The Emirates Air Line still has no regular Oyster card commuters, three years after the cable car between North Greenwich and the Royal Docks opened as a “a much needed new connection across the Thames”.
A study of a week’s travelling patterns show that trips on the cable car, which charges premium fares and does not accept Travelcards, are slightly up after TfL extended its opening hours this spring.
While usage of the cable car got a boost from November’s strike on the Docklands Light Railway, even free travel for DLR users couldn’t lift passenger numbers to the levels seen during the Olympics and Paralympics.
Does anyone use the cable car regularly?
Regular commuters who use Oyster card more than five times in a week are given a 50% rebate on their fares. However, it’s the second year in a row that no Oyster users have been recorded as taking advantage of the scheme. In the equivalent week in 2013, just four people used the scheme, compared with 16 in 2012.
That’s not to say there are no regular users at all — some use paper multi-trip boarding cards, which cost £17 and are valid for 10 trips. However, as the paper tickets are valid for a year, it is clear how many are using these tickets get to work, and how many are just planning a number of day trips.
Usually, just a handful are sold each day. 25 of these tickets were sold between 11-17 October — three fewer than in the same week last year.
Analysis of daily sales since opening day, 27 June 2012, suggest about 30 multi-trip boarding cards are sold each week.
Spikes in sales occur almost at random. 73 were sold on the Air Line’s first Sunday of opening, 1 July 2012, and 51 were sold on both 21 and 22 September 2015. It’s not immediately clear what was behind the boost in sales in September as there were no big events on at the O2 or the ExCeL centre.
Overall, TfL only sold £110,000 worth of multi-trip tickets between June 2012 and October 2015.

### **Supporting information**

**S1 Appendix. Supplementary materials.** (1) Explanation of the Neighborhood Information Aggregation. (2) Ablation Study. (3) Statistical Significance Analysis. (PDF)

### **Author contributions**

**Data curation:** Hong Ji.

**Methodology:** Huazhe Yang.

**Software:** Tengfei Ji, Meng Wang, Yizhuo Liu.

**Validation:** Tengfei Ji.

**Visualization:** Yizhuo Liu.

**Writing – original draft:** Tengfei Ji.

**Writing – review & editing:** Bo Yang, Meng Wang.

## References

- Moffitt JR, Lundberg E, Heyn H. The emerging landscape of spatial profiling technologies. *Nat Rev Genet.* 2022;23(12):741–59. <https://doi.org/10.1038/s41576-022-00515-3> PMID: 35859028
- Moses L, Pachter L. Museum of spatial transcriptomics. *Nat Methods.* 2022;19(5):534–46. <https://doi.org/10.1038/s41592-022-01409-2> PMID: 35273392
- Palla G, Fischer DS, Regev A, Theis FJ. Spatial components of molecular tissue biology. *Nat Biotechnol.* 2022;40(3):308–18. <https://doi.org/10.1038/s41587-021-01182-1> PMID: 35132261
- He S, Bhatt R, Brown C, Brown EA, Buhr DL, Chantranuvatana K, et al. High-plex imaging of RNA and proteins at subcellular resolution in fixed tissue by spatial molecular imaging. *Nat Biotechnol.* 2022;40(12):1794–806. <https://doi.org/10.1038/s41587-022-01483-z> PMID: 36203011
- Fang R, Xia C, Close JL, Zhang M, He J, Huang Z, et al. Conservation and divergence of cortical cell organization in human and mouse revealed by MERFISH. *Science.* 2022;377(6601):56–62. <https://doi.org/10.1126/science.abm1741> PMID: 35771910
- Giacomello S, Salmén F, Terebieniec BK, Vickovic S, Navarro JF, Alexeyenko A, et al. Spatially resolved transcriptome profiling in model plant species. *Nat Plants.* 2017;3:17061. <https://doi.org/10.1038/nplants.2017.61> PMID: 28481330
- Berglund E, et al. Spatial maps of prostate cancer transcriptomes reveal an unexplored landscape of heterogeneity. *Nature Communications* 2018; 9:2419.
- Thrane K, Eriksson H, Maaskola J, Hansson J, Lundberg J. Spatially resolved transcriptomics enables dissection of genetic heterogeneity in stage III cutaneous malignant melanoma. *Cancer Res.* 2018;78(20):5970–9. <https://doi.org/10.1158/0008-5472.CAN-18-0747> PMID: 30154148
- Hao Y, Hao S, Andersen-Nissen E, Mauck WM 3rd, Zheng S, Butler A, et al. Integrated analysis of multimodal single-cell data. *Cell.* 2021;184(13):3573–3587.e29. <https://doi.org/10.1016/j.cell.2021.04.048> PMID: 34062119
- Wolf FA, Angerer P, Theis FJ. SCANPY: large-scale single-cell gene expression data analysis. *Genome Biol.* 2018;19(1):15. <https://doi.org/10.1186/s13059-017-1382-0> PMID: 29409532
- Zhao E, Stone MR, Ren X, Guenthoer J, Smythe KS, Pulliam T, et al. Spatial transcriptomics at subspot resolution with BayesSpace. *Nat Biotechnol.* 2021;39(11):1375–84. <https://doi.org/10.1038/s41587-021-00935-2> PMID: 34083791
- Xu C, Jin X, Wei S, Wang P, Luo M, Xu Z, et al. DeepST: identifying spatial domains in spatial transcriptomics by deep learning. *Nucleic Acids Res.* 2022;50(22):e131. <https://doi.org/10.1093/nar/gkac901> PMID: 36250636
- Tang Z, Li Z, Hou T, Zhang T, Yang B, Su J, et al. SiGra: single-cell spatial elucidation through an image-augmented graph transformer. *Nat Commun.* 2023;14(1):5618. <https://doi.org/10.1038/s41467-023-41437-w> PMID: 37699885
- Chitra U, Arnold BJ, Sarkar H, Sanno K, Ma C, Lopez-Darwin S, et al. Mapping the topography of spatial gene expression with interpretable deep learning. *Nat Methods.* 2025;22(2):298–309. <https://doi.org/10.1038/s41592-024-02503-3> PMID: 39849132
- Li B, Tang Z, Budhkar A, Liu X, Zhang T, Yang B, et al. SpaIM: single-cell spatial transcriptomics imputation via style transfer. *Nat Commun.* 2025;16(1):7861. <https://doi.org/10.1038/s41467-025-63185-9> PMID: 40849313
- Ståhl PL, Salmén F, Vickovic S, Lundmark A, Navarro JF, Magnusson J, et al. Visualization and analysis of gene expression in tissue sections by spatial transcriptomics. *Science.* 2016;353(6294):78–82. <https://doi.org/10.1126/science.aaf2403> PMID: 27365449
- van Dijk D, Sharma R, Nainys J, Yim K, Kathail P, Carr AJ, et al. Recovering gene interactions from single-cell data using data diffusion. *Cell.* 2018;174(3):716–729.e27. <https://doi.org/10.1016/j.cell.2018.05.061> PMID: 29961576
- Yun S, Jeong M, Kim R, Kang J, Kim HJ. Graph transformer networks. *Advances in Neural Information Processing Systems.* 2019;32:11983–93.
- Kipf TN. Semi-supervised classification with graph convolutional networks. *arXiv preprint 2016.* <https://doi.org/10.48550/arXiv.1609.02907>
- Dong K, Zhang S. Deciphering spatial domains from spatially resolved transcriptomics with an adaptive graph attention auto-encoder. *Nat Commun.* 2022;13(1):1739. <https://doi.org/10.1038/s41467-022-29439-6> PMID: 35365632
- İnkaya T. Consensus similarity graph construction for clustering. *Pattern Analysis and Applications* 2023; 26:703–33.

Is the cable car becoming more popular? Not really
Journeys in our sample week in October are slightly up on last year — 26,664 compared with 25,271 in the equivalent week in 2014.
But ticket sales remain well down on the heady days of its first year when even TfL admits to its usage being boosted by the “novelty factor”. 42,463 people used the cable car in the same week in 2012, when it still had that post-Olympics glow.
If the cable car has failed so far at being a form of public transport, TfL has tried to capitalise on its novelty factor, slowing journeys down and adding commentaries.
But this year’s small rise appears to be largely down to TfL’s decision to extend the cable car’s opening hours, moving its closing time from 8pm to 9pm on weeknights and 11pm at weekends.
This has clearly boosted the vital weekend numbers — there were more passengers on the cable car on Saturday between 8pm and 9pm than during any hour on the previous weekdays.
But there have also have been sharp drops in sales of tickets aimed at tourists.
Combined “experience” tickets, which allow admission to the Emirates Aviation Experience at the Greenwich Peninsula terminal, were down from 5,292 sales in the same week in 2014 to 4,099.
Sales of tickets allowing travel on the cable car and Thames Clippers river buses were well down in our sample week, from 539 in 2014 to 291 this year.
Last year, two people booked private cabins for group rides. Nobody took up the £90 offer in our sample week this year.
What does the cable car look like with a rush hour?
The Emirates Air Line accepted DLR tickets during its strike on 3 and 4 November. It was only the fourth time ordinary tickets were valid on the cable car — the other times during the tube strikes in July and August, and during a Jubilee line suspension on 25 August.
This was partly to help people travelling to the World Travel Market exhibition at ExCeL, and the flows of passengers reflect this, travelling north in the morning and south in the evening.
TfL also supplied usage figures for the week of the strike. Passenger numbers peaked at 1,739 between 6pm and 7pm on the strike’s first day — dwarfing the weekend numbers.
But even these figures don’t get anywhere near the Dangleway’s top 20 busiest days — all of which came during the Olympics and Paralympics, or in the build-up.
So is the cable car making money?
Yes, according to TfL — but not a lot. It’s worth remembering the cable car cost £60m to build, with Emirates paying £36m in annual instalments over 10 years for naming rights. A further £8m came from the EU. TfL has always said it aims for the cable car to pay back the remaining £16m in fare revenue.
Transport Commissioner Mike Brown’s most recent report to the TfL board says the Emirates Air Line has made a £1m surplus since it opened.
“This is expected to grow with passenger journeys as the local area develops and awareness of the service increases,” the report says, adding that it aims to pay back the build costs by 2022.
Judging by the figures so far, the Emirates Air Line’s user numbers are going to have to increase very quickly if those costs are to be paid back by then. What to do with Boris Johnson’s Dangleway may prove a headache for whoever’s elected as the next Mayor.
Chart graphics by Clare Griffiths.